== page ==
It turns out that $6,000 shower curtain is in the maid's room.
Jurors in the Tyco International corporate larceny trial learned today during a video tour of the $18 million company-owned apartment where former Chief Executive Officer Dennis Kozlowski stayed when he was in New York City.
The 15-minute tape, recorded in May 2002 and July 2003, shows a sumptuously appointed duplex occupying the 10th and 11th floors of 950 Fifth Ave. Besides the purchase price, prosecutors say, some $14 million was spent to renovate and furnish it.
Entry to the lavish flat was through a 20-foot-by-20-foot foyer decorated with $500,000 worth of hand-painted birds, according to John Taylor, Tyco's director of construction for five years until last June.
The video tour guide was Mariola Tarnachowicz, the Kozlowskis' former housekeeper. As the camera moved through the apartment, Tarnachowicz identified the rooms and several objects pointed out by Assistant District Attorney Consuelo Fernandez.
Art, Fancy Curtain
The videotape shows at least a dozen paintings, including a Monet and a Renoir, a $2,200 wastebasket, as well as the now-infamous $15,000 umbrella stand. The stand is a sculpted terrier on its hind legs with a brass ring through its paws to hold umbrellas.
Tarnachowicz, who made more than $80,000 the year before Tyco fired her last May, pointed out the $6,000 shower curtain. The curtain, in a gold-and-burgundy floral pattern, was in the maid's bathroom.
Tarnachowicz said one had to go through at least two doors to see the curtain, raising the possibility that Kozlowski never saw it after it was in the apartment.
She also said Kozlowski never lived in the corporate apartment and stayed there infrequently. Sometimes he was there one or two days out of a week, sometimes for a month, and occasionally he would show up just to change clothes.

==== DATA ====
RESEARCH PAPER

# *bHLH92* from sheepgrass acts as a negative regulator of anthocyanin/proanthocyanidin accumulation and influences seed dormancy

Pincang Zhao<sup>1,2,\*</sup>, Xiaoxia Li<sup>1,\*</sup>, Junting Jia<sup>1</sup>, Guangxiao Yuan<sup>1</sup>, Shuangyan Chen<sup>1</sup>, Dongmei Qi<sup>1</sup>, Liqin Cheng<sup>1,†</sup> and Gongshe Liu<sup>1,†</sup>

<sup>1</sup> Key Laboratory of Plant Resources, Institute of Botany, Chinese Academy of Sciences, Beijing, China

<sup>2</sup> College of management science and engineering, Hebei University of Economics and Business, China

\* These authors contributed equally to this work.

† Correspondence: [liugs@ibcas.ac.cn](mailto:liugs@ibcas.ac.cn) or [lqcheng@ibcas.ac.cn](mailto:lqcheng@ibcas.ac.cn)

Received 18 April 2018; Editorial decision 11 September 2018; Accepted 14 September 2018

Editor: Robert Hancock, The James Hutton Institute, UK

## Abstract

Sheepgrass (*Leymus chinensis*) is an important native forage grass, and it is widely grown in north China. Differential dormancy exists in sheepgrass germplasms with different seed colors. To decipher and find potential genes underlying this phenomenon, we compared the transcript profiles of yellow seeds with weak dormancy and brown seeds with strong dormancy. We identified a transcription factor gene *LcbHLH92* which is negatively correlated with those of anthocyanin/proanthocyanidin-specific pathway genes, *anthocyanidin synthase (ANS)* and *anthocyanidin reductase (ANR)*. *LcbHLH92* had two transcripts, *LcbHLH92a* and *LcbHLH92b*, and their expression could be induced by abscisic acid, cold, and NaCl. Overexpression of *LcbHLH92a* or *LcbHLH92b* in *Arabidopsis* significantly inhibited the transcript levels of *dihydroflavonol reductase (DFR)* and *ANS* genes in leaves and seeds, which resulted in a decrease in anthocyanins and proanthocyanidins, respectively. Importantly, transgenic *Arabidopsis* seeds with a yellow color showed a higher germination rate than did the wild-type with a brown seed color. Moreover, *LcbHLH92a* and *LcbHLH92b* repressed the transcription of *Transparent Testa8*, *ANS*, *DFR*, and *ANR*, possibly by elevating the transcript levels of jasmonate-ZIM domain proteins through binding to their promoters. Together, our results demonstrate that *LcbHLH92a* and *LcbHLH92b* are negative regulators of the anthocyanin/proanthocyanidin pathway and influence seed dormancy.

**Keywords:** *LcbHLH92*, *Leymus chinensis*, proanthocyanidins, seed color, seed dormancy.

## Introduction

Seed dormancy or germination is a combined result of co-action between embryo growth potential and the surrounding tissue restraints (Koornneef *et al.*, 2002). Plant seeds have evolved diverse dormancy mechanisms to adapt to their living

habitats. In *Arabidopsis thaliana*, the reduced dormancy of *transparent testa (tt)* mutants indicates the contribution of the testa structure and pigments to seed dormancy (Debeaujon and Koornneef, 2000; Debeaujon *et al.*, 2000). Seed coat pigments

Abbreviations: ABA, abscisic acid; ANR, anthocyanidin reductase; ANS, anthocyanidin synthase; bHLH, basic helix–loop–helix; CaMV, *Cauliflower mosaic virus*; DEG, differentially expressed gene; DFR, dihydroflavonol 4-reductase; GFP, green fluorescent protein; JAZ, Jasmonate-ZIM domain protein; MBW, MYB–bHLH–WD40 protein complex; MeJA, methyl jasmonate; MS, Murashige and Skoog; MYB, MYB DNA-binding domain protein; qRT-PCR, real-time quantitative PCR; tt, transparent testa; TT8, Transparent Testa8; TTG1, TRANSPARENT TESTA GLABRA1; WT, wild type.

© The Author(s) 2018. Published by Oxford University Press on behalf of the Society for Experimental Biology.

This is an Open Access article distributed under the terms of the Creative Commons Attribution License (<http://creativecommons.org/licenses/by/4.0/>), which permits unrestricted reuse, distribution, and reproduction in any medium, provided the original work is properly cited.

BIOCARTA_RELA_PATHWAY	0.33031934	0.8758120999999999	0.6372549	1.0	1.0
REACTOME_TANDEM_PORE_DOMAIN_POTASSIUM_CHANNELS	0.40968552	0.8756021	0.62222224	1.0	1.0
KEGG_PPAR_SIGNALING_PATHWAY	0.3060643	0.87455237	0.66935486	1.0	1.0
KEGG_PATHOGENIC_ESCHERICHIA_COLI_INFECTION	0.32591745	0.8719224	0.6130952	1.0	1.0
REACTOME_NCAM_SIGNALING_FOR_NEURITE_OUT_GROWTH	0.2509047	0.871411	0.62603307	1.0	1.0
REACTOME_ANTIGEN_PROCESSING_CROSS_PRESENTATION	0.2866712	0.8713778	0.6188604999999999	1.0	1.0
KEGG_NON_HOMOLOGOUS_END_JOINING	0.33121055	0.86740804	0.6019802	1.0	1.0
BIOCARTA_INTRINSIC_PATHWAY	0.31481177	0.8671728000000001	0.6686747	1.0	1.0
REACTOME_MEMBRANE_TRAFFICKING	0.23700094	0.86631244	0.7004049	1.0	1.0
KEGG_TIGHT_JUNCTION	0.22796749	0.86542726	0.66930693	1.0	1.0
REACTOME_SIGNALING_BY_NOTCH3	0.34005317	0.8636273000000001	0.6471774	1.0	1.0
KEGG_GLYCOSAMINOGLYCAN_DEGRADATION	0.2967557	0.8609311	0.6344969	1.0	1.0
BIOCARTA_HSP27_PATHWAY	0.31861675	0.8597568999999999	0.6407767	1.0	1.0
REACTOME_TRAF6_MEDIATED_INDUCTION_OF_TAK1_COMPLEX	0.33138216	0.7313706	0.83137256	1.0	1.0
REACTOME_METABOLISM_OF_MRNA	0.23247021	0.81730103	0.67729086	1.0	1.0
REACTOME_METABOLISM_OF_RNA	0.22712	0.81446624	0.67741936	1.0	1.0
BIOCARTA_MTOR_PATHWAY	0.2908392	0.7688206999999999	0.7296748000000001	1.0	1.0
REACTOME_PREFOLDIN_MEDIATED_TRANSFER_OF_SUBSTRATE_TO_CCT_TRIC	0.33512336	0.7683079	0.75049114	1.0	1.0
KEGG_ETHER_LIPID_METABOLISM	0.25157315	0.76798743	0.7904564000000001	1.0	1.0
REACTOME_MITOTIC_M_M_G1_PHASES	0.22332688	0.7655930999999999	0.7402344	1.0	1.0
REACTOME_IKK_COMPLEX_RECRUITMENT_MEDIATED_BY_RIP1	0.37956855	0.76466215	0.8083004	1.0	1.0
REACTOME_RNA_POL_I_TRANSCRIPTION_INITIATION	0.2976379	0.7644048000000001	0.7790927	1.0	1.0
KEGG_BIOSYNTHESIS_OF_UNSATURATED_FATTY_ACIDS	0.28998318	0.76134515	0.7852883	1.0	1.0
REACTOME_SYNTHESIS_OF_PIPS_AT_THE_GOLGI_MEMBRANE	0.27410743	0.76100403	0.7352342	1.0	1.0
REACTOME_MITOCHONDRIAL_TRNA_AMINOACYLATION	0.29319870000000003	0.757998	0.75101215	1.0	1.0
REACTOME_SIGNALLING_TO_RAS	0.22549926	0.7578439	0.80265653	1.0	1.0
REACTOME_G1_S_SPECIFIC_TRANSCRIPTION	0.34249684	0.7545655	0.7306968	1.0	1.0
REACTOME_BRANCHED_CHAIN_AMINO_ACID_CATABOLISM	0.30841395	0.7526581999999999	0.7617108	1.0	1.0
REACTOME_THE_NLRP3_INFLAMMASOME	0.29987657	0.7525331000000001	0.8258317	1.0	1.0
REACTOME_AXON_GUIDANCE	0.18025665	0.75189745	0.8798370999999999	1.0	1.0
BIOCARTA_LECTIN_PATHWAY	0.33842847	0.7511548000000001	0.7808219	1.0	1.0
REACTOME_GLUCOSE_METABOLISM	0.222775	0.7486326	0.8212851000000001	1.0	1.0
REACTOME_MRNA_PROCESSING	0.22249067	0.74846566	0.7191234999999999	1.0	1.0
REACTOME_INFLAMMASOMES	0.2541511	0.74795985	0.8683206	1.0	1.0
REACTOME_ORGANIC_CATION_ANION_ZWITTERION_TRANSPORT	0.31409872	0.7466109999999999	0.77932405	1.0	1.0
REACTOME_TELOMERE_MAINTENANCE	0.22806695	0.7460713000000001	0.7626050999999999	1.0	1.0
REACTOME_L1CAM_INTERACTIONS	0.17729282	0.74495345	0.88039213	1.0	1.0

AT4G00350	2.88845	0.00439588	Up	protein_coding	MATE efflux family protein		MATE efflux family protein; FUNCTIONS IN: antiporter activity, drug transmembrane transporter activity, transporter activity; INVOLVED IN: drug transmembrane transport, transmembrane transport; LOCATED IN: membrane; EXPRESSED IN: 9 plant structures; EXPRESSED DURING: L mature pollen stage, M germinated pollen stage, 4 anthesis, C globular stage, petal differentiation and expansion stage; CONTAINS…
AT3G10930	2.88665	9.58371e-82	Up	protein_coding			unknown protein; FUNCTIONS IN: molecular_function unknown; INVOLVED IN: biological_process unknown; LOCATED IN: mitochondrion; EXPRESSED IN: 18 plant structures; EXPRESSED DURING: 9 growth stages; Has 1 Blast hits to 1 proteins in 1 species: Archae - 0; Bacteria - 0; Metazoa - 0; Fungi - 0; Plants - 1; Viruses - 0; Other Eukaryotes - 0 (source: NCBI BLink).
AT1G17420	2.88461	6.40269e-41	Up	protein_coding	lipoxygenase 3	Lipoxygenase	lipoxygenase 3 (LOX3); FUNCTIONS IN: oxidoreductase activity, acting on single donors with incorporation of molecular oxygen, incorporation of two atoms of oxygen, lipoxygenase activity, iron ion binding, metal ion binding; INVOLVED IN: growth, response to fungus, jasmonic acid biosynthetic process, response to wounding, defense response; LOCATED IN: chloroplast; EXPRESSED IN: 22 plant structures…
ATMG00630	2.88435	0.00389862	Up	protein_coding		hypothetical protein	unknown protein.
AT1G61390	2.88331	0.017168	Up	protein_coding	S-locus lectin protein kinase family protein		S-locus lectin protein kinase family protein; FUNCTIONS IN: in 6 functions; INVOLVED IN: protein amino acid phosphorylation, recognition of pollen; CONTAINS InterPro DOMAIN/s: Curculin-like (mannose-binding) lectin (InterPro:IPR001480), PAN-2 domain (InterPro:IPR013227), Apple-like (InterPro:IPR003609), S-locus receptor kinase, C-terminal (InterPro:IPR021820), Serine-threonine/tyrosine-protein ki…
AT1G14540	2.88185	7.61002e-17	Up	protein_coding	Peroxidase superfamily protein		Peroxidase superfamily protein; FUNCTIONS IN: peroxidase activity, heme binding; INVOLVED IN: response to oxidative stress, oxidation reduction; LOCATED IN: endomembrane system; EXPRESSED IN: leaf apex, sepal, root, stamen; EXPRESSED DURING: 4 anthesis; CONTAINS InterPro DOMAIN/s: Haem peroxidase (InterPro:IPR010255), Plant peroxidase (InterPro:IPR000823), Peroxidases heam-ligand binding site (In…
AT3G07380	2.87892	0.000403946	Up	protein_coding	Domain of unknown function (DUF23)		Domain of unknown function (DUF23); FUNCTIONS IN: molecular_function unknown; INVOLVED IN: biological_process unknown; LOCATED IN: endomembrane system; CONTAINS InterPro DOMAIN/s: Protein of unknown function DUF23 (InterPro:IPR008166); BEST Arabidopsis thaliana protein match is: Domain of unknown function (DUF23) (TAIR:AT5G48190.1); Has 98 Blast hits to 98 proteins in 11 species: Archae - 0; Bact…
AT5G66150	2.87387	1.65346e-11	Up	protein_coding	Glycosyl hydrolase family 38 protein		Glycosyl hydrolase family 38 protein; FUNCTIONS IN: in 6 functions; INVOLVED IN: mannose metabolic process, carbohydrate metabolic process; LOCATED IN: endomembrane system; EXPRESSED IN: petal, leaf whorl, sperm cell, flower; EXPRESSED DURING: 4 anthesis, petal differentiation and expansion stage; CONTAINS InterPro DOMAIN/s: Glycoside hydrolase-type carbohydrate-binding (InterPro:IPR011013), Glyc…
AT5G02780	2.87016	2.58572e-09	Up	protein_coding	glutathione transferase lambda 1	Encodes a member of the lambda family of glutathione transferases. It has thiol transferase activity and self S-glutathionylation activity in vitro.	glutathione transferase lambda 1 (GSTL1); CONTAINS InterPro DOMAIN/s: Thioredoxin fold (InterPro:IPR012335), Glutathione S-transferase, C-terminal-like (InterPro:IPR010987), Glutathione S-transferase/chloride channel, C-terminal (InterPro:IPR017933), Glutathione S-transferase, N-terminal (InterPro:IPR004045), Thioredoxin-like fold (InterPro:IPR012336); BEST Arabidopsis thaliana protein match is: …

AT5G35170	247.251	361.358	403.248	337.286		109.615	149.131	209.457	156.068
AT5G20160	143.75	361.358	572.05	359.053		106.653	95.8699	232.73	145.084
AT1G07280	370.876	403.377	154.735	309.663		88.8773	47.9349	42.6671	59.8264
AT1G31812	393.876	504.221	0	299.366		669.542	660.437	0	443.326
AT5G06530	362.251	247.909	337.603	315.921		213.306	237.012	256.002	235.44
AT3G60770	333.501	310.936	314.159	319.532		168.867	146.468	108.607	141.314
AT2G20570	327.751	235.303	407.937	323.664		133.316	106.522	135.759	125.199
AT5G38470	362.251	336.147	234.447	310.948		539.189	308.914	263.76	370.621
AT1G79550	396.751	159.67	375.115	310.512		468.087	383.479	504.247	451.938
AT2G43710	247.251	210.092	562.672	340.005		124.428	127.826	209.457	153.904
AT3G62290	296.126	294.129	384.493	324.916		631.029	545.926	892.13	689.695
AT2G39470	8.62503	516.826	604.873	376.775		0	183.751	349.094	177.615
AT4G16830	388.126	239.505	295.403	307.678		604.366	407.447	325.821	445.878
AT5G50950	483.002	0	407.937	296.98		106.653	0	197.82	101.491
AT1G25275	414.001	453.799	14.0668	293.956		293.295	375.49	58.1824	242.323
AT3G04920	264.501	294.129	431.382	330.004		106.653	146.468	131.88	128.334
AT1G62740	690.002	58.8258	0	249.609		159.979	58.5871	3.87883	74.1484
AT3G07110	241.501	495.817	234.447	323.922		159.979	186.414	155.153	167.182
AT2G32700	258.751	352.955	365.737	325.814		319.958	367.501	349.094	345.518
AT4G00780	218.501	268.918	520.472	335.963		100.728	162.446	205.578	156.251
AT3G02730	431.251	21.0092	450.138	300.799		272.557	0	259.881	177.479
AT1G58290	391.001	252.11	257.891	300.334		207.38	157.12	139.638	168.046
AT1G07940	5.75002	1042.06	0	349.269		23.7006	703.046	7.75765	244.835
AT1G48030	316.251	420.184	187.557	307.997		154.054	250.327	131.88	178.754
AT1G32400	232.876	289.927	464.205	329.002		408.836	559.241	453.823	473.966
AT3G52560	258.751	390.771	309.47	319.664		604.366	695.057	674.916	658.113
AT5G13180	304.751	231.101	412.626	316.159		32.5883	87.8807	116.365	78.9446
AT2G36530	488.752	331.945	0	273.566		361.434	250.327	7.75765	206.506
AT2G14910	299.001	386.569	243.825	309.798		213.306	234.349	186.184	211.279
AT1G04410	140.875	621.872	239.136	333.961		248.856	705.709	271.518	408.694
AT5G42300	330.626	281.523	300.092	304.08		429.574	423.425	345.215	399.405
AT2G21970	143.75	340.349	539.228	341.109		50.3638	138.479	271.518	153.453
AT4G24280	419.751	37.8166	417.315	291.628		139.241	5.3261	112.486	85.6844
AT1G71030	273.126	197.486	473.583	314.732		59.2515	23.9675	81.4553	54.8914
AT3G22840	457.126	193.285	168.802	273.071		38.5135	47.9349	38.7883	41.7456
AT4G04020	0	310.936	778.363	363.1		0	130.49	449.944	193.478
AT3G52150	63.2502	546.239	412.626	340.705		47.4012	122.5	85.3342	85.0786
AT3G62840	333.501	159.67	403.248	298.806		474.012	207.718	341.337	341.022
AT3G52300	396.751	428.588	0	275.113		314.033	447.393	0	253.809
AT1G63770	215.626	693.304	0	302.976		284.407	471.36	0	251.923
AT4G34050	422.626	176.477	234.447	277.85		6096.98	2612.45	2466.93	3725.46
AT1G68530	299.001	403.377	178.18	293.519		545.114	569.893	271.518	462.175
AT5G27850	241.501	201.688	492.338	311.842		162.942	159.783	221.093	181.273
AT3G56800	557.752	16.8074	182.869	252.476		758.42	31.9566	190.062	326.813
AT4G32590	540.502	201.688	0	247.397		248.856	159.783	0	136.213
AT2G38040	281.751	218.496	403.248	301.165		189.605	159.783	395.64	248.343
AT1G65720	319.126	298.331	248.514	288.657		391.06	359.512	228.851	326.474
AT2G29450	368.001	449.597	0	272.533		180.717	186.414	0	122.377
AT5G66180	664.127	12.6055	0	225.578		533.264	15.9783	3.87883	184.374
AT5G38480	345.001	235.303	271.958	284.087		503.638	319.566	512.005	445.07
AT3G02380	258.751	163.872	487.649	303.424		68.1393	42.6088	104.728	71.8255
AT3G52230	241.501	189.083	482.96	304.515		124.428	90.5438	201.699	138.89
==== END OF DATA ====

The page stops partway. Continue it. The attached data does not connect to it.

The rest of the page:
The former maid also said she often had been treated like a guest in the Kozlowskis' homes and had invited them to her own home for dinner. Tarnachowicz said she once cooked a large meal of Polish food for Kozlowski.
Kozlowski's wife, Karen, sitting in the audience, started weeping. "She said some very nice things about us," she said later. "For once, it's nice to hear."
The former CEO said he also appreciated the things Tarnachowicz said about him. "She's very nice," he said. "She's been like family to us."
Kozlowski, 56, and Tyco's former chief financial officer, Mark Swartz, 43, are on trial in Manhattan's state Supreme Court charged with grand larceny and enterprise corruption. They are accused of stealing some $600 million from Tyco. Each faces up to 30 years in prison if convicted.
Prosecutors allege that Kozlowski and Swartz stole $170 million by taking and hiding unauthorized pay and bonuses, raiding company loan programs and forgiving loans to themselves. They say the defendants made another $430 million on their Tyco stock by lying about the conglomerate's financial condition from 1995 into 2002.
Defense lawyers say Kozlowski and Swartz earned all the benefits they got from Tyco and that all the appropriate overseers knew about their compensation and loans.
After the pricey shower curtain and umbrella stand made news last fall, they quickly became symbols of executive greed.
Prosecutors apparently hope those objects and other excesses allegedly paid for by Tyco have a negative impact on the jury.
Defense lawyers blunted the effect of testimony by Taylor and Tarnachowicz by asking both whether Kozlowski or Swartz had ever asked them to charge either of the executives' expenses to the company, or lie about any expenditures.
Taylor, who had worked on properties for both executives, said they had not.
"Did Dennis ever ask you to lie to anyone about anything?" Stephen Kaufman, Kozlowski's lawyer, asked Tarnachowicz.
"No, he didn't," she replied.
The trial resumes Monday.